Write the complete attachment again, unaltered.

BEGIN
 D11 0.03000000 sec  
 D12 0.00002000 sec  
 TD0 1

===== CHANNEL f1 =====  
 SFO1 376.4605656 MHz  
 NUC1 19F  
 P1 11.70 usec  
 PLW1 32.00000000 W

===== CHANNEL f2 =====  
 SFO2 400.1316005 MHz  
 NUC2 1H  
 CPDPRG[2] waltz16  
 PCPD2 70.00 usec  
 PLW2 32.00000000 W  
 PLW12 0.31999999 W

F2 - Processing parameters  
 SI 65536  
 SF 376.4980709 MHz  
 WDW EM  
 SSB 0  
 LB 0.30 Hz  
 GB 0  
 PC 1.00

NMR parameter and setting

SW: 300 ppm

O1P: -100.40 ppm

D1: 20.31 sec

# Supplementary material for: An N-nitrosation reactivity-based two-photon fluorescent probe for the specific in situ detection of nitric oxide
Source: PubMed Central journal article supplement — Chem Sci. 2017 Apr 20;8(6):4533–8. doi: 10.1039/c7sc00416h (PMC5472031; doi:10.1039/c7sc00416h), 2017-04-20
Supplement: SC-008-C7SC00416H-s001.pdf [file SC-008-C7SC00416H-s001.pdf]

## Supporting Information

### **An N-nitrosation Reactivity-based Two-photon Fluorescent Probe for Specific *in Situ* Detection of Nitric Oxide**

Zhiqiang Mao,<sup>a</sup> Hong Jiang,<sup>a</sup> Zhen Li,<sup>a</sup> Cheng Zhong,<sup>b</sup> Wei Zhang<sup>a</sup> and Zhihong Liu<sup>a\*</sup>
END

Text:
 D11 0.03000000 sec  
 D12 0.00002000 sec  
 TD0 1

===== CHANNEL f1 =====  
 SFO1 376.4605656 MHz  
 NUC1 19F  
 P1 11.70 usec  
 PLW1 32.00000000 W

===== CHANNEL f2 =====  
 SFO2 400.1316005 MHz  
 NUC2 1H  
 CPDPRG[2] waltz16  
 PCPD2 70.00 usec  
 PLW2 32.00000000 W  
 PLW12 0.31999999 W

F2 - Processing parameters  
 SI 65536  
 SF 376.4980709 MHz  
 WDW EM  
 SSB 0  
 LB 0.30 Hz  
 GB 0  
 PC 1.00

NMR parameter and setting

SW: 300 ppm

O1P: -100.40 ppm

D1: 20.31 sec

# Supplementary material for: An N-nitrosation reactivity-based two-photon fluorescent probe for the specific in situ detection of nitric oxide
Source: PubMed Central journal article supplement — Chem Sci. 2017 Apr 20;8(6):4533–8. doi: 10.1039/c7sc00416h (PMC5472031; doi:10.1039/c7sc00416h), 2017-04-20
Supplement: SC-008-C7SC00416H-s001.pdf [file SC-008-C7SC00416H-s001.pdf]

## Supporting Information

### **An N-nitrosation Reactivity-based Two-photon Fluorescent Probe for Specific *in Situ* Detection of Nitric Oxide**

Zhiqiang Mao,<sup>a</sup> Hong Jiang,<sup>a</sup> Zhen Li,<sup>a</sup> Cheng Zhong,<sup>b</sup> Wei Zhang<sup>a</sup> and Zhihong Liu<sup>a\*</sup>